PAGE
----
James Surowiecki on the Prius phenomenon

James Surowiecki on the Prius phenomenon

James is a New Yorker staff writer and author of The Wisdom of Crowds. He’s just written an interesting article on the Toyota Prius (the Naughton family conveyance). Surowiecki begins by noting that environmental purists are a bit sniffy about hybrids, which they see as a stop-gap pending the really radical development — the fuel-cell powered car. But…

“By keeping our eyes locked on the future, we’re missing the truly radical nature of the present. The hybrid is the most important development in automobile technology since the introduction of the automatic transmission in 1938, or perhaps even the invention of the self-starting motor in 1911. It’s the first successful alternative to the internal combustion engine since the early 20th century, when both steamers and electric cars were popular. And in technological terms, the hybrid represents a qualitative, and not just a quantitative, transformation in the way vehicles work. That’s why Toyota, at least, calls the hybrid a “core” rather than a “bridge” technology. The synergy that propels the Prius will also likely be at the heart of fuel cell cars – if they ever materialize.

What’s especially remarkable about the success of hybrids is that it’s happened from the bottom up. Economists sometimes say there are two routes to innovation: technology push and market pull. In the first case, a cool technology is created and people have to be convinced they want it. In the second, a market exists for a solution to a problem, and it effectively pulls the technology out of the lab and into the real world. Before the recent hybrid boom, many would have said that the cars were a classic example of technology push, with Toyota and Honda trying to force vehicles on an uninterested public. But what has become clear is that the market for “environmentally sensitive” products is large and growing, and that people are willing to pay a premium for these products, as long as they don’t have to compromise on quality.”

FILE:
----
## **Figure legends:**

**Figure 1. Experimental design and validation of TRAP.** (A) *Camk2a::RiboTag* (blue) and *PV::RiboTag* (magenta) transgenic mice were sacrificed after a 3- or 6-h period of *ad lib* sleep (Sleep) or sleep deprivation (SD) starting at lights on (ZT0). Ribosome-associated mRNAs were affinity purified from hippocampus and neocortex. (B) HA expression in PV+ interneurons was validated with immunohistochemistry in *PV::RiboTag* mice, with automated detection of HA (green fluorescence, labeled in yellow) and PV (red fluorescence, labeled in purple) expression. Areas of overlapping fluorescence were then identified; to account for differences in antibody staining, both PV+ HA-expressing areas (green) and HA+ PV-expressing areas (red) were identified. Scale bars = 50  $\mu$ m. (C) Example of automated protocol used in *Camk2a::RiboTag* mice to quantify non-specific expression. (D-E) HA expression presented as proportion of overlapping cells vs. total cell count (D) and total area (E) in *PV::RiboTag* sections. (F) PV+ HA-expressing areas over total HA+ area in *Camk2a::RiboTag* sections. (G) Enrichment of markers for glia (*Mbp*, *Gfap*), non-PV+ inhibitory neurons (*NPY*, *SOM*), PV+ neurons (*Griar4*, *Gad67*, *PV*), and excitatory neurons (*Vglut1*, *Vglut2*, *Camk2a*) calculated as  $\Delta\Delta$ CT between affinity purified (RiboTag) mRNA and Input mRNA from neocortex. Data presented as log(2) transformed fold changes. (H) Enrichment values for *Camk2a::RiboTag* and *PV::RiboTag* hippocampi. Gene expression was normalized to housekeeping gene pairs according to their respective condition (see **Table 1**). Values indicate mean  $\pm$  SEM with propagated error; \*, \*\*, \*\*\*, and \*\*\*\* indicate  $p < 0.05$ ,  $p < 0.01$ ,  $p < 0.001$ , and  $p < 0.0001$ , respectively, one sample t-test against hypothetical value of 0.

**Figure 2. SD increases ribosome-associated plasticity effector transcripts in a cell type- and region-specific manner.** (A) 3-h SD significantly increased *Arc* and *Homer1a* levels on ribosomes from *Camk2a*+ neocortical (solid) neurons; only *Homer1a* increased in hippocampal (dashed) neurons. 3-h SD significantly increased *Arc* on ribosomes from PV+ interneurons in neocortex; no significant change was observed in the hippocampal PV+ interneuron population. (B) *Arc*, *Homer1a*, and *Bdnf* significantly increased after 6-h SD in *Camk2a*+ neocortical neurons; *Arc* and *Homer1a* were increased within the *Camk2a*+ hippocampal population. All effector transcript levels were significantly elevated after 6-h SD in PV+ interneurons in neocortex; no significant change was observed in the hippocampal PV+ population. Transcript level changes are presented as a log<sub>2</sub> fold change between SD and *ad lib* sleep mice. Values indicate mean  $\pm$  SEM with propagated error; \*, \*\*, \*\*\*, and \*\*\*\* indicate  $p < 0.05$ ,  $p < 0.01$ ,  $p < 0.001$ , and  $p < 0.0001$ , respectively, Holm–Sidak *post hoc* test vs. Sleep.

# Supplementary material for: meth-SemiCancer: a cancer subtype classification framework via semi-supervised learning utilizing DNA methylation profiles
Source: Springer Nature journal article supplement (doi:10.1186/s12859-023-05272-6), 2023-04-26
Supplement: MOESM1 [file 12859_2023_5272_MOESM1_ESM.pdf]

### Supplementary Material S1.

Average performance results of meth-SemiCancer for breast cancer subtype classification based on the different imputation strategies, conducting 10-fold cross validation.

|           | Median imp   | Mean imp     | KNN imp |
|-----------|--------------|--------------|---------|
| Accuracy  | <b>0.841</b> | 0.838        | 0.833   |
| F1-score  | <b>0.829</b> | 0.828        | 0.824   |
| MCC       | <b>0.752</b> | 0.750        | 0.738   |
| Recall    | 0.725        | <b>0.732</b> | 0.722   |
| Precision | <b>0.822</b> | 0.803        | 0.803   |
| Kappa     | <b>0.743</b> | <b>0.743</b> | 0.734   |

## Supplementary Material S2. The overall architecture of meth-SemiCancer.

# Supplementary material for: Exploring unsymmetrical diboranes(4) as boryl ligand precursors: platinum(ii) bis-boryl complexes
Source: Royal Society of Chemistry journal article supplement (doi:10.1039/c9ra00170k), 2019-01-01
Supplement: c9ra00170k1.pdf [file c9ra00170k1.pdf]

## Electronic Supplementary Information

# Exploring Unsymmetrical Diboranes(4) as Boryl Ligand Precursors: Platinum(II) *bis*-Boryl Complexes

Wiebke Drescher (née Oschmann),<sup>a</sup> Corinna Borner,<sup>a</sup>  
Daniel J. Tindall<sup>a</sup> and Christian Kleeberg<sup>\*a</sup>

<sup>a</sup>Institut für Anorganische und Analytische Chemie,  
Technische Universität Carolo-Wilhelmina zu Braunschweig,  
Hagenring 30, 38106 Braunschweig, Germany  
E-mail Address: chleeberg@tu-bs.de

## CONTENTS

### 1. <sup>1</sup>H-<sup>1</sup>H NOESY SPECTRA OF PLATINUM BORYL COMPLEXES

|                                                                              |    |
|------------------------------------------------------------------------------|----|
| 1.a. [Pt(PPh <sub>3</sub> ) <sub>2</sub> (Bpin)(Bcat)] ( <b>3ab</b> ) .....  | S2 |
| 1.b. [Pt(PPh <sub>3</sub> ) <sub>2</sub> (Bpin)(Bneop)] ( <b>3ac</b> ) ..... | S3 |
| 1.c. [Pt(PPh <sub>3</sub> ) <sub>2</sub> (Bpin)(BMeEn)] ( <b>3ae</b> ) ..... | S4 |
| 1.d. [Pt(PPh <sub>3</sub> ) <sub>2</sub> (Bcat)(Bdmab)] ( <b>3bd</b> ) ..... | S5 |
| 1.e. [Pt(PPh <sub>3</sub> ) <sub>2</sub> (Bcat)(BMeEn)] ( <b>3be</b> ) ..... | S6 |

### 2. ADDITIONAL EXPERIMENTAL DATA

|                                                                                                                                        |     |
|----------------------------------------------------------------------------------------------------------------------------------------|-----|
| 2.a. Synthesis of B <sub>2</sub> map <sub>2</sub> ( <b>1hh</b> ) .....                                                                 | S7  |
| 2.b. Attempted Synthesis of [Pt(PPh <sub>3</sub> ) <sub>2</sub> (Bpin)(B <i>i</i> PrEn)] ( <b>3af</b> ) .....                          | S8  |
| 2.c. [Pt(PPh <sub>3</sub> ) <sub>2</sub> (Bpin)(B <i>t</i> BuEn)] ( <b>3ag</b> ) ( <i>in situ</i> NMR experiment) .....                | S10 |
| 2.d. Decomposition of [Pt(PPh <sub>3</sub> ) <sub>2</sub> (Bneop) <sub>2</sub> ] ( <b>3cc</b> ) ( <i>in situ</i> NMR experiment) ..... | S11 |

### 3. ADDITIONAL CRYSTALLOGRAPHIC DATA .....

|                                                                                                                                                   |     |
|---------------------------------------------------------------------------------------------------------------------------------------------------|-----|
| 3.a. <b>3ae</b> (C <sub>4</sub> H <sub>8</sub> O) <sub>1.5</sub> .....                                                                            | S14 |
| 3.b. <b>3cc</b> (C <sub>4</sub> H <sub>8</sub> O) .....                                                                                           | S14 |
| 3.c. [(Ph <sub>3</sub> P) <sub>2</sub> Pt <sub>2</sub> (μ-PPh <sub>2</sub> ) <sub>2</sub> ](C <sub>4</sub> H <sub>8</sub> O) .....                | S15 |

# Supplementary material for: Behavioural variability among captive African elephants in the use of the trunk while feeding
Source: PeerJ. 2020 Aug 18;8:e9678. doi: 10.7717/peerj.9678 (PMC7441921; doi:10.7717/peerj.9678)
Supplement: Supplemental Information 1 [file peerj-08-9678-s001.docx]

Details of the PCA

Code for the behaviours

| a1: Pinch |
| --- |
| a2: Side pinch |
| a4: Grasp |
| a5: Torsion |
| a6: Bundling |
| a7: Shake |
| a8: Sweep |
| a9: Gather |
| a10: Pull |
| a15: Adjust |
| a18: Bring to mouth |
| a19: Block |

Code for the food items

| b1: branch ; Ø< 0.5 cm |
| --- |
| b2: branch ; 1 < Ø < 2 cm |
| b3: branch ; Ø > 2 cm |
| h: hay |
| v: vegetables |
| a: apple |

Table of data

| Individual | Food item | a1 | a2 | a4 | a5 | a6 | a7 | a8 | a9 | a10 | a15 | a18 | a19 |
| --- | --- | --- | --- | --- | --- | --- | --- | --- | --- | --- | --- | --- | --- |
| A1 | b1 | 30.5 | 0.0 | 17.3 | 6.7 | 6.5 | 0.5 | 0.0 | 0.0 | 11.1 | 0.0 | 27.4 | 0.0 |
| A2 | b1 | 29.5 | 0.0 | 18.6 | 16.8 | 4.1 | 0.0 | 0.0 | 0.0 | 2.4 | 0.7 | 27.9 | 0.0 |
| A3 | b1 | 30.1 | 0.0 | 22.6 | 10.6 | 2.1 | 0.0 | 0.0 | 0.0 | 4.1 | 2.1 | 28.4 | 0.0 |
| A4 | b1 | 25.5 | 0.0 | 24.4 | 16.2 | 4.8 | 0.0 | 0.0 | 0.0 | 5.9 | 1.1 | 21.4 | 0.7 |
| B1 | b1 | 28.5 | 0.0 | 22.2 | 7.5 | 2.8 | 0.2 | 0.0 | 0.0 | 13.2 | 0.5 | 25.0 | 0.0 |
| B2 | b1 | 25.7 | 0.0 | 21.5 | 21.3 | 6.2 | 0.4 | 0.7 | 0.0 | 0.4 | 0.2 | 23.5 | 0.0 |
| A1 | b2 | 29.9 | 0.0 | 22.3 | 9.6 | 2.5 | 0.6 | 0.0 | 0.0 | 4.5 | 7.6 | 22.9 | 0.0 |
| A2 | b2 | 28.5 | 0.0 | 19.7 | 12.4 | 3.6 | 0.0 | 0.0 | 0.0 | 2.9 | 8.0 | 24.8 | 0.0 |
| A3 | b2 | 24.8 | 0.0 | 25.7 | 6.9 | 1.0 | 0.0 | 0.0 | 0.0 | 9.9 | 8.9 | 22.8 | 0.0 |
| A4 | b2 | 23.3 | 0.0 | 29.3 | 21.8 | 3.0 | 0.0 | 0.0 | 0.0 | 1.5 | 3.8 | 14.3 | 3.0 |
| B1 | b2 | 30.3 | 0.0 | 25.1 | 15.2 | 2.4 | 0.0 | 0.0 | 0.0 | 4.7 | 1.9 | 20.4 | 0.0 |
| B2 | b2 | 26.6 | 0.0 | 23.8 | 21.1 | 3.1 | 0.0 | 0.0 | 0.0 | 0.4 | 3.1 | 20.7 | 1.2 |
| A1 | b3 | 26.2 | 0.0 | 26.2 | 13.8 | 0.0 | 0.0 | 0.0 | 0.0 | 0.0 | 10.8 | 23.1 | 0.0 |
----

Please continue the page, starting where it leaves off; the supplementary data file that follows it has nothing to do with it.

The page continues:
He’s right — or at any rate, he has described accurately the thinking that went into my decision to go hybrid.

Thanks to Dave Hill for the link.